3) Improving compliance.
Unfortunately, the diagnosis of type 2 diabetes comes with a need for multidrug therapy, requiring aspirin, ACE-inhibitors, and statins, in addition to multiple oral hypoglycemics. Wong et al. (8) demonstrated that individuals with CAC have been reported to be more likely to undertake preventive health measures, including beginning cholesterol- or blood pressure-lowering medications, starting aspirin, initiating an exercise program, following a low-fat diet, or quitting smoking. This improved compliance is especially important in a diabetic population, in which the average person may take seven or more different medications daily and are expected to adhere to a more strict diet and exercise regimen.
4) Tracking efficacy of therapy.
EBT technology provides an opportunity to noninvasively monitor patients to assess the clinical efficacy of medical therapies. Accurate and noninvasive measures of atherosclerosis in the person at high-risk could allow better assessment of processes associated with disease progression, as well as of therapies to prevent the progression or even induce regression of atherosclerosis and clinical CAD (9). In a study of asymptomatic diabetic patients followed with EBT, statin use slowed the rate of CAC progression by 55%. Two studies demonstrate that a vast majority of events (>95%) occur in those patients who exhibit rapid CAC progression (>20%/year) (10,11), suggesting that these patients are at increased risk and warrant more aggressive therapy. Thus, identifying a person with an increasing CAC score may very well trigger the treating physician to further lower the cholesterol or institute further lifestyle modifications.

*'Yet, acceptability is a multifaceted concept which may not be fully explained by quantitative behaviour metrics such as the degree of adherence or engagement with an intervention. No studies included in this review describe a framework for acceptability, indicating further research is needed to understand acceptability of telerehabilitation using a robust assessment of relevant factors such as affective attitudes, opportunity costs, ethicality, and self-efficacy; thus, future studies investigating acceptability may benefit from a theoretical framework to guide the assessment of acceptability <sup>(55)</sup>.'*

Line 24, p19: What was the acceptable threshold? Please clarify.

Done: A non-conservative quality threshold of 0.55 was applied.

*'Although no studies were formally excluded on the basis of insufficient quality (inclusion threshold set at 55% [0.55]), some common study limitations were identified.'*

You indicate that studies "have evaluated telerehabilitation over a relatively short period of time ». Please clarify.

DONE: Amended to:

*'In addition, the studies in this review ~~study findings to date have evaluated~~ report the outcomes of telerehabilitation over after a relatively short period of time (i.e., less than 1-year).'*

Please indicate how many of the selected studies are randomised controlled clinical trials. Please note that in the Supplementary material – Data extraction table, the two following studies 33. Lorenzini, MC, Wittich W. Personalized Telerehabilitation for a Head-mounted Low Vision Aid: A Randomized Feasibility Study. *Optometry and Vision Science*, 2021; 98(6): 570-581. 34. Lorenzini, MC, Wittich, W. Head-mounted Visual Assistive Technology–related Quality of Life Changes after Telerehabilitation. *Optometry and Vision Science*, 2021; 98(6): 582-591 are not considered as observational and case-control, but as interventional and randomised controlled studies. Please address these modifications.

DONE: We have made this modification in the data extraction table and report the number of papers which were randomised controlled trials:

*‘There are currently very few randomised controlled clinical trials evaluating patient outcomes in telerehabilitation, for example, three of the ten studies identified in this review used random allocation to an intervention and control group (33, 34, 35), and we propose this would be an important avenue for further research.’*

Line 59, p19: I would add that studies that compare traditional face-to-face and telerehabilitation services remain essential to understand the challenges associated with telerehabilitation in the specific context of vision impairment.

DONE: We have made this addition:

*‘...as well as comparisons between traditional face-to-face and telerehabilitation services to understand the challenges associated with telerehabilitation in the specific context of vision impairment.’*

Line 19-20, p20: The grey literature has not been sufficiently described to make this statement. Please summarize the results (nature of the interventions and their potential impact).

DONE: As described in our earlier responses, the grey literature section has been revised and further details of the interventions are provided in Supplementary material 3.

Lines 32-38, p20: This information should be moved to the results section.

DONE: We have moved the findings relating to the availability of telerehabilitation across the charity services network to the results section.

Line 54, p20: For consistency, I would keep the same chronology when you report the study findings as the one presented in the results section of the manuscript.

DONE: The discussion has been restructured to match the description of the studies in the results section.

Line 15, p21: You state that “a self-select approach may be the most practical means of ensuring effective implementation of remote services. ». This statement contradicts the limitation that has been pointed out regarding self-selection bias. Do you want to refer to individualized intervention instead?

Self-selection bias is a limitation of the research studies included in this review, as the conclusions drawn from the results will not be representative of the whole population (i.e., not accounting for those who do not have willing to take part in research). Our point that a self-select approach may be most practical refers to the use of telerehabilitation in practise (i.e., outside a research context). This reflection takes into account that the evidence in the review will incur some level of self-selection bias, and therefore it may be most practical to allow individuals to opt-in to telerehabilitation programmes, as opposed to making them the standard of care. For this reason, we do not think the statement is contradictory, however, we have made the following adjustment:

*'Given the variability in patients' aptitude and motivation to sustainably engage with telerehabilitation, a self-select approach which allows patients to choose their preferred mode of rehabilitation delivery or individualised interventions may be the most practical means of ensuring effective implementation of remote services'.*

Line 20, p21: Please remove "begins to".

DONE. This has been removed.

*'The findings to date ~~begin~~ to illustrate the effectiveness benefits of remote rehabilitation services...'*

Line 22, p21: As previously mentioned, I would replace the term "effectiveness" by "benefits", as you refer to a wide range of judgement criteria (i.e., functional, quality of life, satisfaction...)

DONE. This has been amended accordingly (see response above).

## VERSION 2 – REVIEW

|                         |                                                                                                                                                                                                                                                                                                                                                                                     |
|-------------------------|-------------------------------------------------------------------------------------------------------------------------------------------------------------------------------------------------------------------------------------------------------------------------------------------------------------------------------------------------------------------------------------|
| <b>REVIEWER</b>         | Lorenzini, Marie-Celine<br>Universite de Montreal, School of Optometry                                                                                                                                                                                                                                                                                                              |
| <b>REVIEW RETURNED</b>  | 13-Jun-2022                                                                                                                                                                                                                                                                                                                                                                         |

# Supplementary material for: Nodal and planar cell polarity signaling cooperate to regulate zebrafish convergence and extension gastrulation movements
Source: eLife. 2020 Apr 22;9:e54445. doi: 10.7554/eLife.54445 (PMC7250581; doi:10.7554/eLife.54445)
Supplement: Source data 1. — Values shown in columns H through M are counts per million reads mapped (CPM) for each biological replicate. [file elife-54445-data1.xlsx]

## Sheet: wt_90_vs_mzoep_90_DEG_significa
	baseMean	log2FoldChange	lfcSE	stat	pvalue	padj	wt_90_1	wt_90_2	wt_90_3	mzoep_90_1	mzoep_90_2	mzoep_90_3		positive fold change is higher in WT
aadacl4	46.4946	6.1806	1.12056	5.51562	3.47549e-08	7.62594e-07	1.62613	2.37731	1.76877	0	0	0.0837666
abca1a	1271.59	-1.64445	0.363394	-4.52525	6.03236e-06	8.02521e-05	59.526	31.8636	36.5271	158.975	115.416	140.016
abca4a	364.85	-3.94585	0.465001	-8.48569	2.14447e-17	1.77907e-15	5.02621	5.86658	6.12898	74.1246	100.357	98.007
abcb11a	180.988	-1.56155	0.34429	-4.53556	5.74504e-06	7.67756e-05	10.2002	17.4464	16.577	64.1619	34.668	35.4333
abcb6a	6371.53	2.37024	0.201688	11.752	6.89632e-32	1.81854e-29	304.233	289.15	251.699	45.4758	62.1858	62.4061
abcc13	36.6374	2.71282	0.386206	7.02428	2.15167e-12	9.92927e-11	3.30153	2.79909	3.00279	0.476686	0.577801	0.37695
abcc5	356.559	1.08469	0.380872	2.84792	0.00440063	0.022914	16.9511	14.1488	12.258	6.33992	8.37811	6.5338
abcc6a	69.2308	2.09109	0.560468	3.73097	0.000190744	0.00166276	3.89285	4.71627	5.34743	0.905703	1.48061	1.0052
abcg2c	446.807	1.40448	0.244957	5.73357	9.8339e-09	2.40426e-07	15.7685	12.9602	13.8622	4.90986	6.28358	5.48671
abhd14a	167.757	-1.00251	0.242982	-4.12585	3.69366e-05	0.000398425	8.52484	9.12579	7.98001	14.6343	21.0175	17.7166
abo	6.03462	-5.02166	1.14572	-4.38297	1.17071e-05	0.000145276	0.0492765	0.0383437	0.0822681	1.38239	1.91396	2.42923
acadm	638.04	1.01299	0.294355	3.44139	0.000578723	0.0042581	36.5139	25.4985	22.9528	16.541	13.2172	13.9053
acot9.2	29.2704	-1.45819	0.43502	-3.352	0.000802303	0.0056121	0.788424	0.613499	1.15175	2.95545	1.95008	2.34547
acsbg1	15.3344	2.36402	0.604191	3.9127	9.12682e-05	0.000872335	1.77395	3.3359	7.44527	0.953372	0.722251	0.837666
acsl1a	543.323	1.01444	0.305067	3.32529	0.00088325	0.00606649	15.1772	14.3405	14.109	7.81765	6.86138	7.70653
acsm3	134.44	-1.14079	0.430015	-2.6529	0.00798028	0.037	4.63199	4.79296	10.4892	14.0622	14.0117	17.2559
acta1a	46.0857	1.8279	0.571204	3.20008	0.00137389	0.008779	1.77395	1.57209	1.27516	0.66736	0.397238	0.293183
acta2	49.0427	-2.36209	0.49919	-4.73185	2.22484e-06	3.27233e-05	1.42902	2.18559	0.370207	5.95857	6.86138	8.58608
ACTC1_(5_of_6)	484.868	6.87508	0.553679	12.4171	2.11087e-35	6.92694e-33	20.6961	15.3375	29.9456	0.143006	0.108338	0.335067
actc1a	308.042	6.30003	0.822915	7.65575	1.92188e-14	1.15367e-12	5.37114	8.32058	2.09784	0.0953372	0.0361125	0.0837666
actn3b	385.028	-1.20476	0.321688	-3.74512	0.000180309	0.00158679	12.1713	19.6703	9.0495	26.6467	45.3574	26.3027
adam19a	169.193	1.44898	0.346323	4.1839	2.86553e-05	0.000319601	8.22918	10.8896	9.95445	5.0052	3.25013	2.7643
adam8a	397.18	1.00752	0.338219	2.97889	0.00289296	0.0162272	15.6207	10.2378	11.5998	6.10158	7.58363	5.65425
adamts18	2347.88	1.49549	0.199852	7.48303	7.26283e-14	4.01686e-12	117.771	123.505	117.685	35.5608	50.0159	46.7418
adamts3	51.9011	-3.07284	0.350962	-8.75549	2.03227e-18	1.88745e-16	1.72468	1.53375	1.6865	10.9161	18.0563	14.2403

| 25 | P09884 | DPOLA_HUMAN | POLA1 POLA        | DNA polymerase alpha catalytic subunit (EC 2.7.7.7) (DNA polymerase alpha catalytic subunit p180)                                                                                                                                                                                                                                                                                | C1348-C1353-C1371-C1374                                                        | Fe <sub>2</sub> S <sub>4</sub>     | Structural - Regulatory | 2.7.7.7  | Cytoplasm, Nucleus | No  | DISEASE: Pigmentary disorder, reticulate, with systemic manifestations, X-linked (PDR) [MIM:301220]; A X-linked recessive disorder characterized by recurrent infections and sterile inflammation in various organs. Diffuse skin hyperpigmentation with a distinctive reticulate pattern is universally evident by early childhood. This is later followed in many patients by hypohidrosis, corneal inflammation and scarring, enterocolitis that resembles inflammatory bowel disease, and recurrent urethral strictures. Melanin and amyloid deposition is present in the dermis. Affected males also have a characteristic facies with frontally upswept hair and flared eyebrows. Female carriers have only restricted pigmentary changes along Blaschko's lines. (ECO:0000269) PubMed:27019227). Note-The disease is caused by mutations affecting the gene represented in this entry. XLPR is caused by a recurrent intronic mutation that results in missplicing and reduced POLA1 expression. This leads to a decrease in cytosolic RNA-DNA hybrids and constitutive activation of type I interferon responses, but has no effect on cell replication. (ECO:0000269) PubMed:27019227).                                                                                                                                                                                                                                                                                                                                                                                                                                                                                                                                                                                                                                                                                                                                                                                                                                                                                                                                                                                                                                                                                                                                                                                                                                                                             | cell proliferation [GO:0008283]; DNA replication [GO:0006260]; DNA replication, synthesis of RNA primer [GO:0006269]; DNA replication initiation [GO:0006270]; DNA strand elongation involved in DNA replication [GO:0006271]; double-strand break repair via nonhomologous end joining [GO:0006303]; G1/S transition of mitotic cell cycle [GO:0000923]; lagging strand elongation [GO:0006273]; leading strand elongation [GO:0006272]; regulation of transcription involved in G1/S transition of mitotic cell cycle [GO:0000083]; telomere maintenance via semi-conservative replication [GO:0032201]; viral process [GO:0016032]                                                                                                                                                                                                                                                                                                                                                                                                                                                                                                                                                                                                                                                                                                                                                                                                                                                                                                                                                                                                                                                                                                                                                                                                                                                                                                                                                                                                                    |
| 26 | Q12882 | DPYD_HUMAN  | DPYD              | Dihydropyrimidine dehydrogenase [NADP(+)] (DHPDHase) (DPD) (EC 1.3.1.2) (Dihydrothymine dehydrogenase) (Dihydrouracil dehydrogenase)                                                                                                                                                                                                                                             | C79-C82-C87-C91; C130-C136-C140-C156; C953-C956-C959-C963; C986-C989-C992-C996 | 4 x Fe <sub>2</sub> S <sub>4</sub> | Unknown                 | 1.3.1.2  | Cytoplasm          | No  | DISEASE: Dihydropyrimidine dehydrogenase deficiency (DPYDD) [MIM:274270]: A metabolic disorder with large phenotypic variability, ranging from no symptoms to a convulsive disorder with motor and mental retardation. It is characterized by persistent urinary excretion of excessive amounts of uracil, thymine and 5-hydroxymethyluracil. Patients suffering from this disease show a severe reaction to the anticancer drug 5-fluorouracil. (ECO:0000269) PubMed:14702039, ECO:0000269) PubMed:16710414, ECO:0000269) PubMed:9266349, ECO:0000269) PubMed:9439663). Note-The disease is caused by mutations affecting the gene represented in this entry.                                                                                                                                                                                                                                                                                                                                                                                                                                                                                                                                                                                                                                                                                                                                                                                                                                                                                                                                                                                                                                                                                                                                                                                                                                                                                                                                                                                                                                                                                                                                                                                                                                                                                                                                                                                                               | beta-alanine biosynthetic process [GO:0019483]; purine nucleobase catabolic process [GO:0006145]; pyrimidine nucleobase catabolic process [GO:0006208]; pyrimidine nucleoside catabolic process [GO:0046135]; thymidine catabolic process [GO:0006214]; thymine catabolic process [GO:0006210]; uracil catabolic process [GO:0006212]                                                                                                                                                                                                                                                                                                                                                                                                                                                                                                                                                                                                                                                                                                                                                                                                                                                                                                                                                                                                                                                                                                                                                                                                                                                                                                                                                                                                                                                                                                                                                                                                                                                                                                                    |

Thus, while the vast majority of patients with diabetes would not need to undergo further noninvasive testing for CAC, there are certain cohorts that will benefit. The use of EBT to better risk stratify certain patients with diabetes, to improve compliance, and to allow for noninvasive tracking of atherosclerotic plaque could potentially reduce both mortality and costs and better direct therapy. Prognostic studies that include large numbers of diabetic subjects are now underway.
Address correspondence to Matthew J. Budoff, MD, Harbor-UCLA Research and Education Institute, 1124 W. Carson St., RB2, Torrance, CA 90502. E-mail: email@example.com.
M.J.B. has received honoraria for speaking engagements from Imatron, Corp.